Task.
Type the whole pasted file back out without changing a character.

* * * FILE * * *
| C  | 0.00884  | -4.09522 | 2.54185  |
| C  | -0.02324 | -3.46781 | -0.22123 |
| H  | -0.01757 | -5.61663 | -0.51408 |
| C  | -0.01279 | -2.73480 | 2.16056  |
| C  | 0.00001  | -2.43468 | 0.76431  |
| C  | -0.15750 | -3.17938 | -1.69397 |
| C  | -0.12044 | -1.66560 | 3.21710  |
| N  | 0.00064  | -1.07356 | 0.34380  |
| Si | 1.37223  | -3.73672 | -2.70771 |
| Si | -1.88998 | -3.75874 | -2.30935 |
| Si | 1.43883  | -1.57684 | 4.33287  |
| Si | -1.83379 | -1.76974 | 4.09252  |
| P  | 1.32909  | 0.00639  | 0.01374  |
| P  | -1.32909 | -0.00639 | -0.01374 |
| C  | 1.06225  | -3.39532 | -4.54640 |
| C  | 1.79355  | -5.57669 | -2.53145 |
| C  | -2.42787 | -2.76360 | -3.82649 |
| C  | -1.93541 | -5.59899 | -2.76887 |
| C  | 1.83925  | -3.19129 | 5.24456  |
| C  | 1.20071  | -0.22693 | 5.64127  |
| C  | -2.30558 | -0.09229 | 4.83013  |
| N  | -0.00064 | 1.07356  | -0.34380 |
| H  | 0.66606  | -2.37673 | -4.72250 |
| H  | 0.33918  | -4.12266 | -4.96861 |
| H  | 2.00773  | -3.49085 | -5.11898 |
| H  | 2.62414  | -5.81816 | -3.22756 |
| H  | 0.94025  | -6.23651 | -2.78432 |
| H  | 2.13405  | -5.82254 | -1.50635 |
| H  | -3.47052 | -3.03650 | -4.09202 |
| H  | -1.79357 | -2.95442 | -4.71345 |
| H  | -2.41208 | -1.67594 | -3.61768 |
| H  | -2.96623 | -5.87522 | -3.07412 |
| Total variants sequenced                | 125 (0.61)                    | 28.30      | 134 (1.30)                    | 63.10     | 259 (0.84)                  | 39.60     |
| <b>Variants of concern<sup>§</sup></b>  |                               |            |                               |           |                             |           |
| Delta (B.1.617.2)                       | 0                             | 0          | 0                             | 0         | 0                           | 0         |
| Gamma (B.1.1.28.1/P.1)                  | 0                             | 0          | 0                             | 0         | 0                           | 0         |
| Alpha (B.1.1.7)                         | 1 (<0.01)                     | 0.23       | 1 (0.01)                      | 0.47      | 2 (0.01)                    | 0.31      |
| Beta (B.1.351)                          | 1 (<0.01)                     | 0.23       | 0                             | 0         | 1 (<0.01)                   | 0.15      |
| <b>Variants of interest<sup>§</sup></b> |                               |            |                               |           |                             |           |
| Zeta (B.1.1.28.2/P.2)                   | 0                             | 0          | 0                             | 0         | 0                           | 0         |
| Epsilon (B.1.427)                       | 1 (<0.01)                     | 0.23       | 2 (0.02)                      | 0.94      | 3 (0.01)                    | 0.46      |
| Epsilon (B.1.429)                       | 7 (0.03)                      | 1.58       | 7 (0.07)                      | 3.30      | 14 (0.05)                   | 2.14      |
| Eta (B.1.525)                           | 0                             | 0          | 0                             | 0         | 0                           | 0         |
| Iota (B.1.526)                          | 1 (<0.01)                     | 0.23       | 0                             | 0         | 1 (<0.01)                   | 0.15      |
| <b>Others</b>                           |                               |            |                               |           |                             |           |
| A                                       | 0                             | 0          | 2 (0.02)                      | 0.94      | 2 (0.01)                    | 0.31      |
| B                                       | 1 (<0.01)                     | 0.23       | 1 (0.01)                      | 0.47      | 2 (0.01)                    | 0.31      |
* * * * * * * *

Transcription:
| C  | 0.00884  | -4.09522 | 2.54185  |
| C  | -0.02324 | -3.46781 | -0.22123 |
| H  | -0.01757 | -5.61663 | -0.51408 |
| C  | -0.01279 | -2.73480 | 2.16056  |
| C  | 0.00001  | -2.43468 | 0.76431  |
| C  | -0.15750 | -3.17938 | -1.69397 |
| C  | -0.12044 | -1.66560 | 3.21710  |
| N  | 0.00064  | -1.07356 | 0.34380  |
| Si | 1.37223  | -3.73672 | -2.70771 |
| Si | -1.88998 | -3.75874 | -2.30935 |
| Si | 1.43883  | -1.57684 | 4.33287  |
| Si | -1.83379 | -1.76974 | 4.09252  |
| P  | 1.32909  | 0.00639  | 0.01374  |
| P  | -1.32909 | -0.00639 | -0.01374 |
| C  | 1.06225  | -3.39532 | -4.54640 |
| C  | 1.79355  | -5.57669 | -2.53145 |
| C  | -2.42787 | -2.76360 | -3.82649 |
| C  | -1.93541 | -5.59899 | -2.76887 |
| C  | 1.83925  | -3.19129 | 5.24456  |
| C  | 1.20071  | -0.22693 | 5.64127  |
| C  | -2.30558 | -0.09229 | 4.83013  |
| N  | -0.00064 | 1.07356  | -0.34380 |
| H  | 0.66606  | -2.37673 | -4.72250 |
| H  | 0.33918  | -4.12266 | -4.96861 |
| H  | 2.00773  | -3.49085 | -5.11898 |
| H  | 2.62414  | -5.81816 | -3.22756 |
| H  | 0.94025  | -6.23651 | -2.78432 |
| H  | 2.13405  | -5.82254 | -1.50635 |
| H  | -3.47052 | -3.03650 | -4.09202 |
| H  | -1.79357 | -2.95442 | -4.71345 |
| H  | -2.41208 | -1.67594 | -3.61768 |
| H  | -2.96623 | -5.87522 | -3.07412 |
| Total variants sequenced                | 125 (0.61)                    | 28.30      | 134 (1.30)                    | 63.10     | 259 (0.84)                  | 39.60     |
| <b>Variants of concern<sup>§</sup></b>  |                               |            |                               |           |                             |           |
| Delta (B.1.617.2)                       | 0                             | 0          | 0                             | 0         | 0                           | 0         |
| Gamma (B.1.1.28.1/P.1)                  | 0                             | 0          | 0                             | 0         | 0                           | 0         |
| Alpha (B.1.1.7)                         | 1 (<0.01)                     | 0.23       | 1 (0.01)                      | 0.47      | 2 (0.01)                    | 0.31      |
| Beta (B.1.351)                          | 1 (<0.01)                     | 0.23       | 0                             | 0         | 1 (<0.01)                   | 0.15      |
| <b>Variants of interest<sup>§</sup></b> |                               |            |                               |           |                             |           |
| Zeta (B.1.1.28.2/P.2)                   | 0                             | 0          | 0                             | 0         | 0                           | 0         |
| Epsilon (B.1.427)                       | 1 (<0.01)                     | 0.23       | 2 (0.02)                      | 0.94      | 3 (0.01)                    | 0.46      |
| Epsilon (B.1.429)                       | 7 (0.03)                      | 1.58       | 7 (0.07)                      | 3.30      | 14 (0.05)                   | 2.14      |
| Eta (B.1.525)                           | 0                             | 0          | 0                             | 0         | 0                           | 0         |
| Iota (B.1.526)                          | 1 (<0.01)                     | 0.23       | 0                             | 0         | 1 (<0.01)                   | 0.15      |
| <b>Others</b>                           |                               |            |                               |           |                             |           |
| A                                       | 0                             | 0          | 2 (0.02)                      | 0.94      | 2 (0.01)                    | 0.31      |
| B                                       | 1 (<0.01)                     | 0.23       | 1 (0.01)                      | 0.47      | 2 (0.01)                    | 0.31      |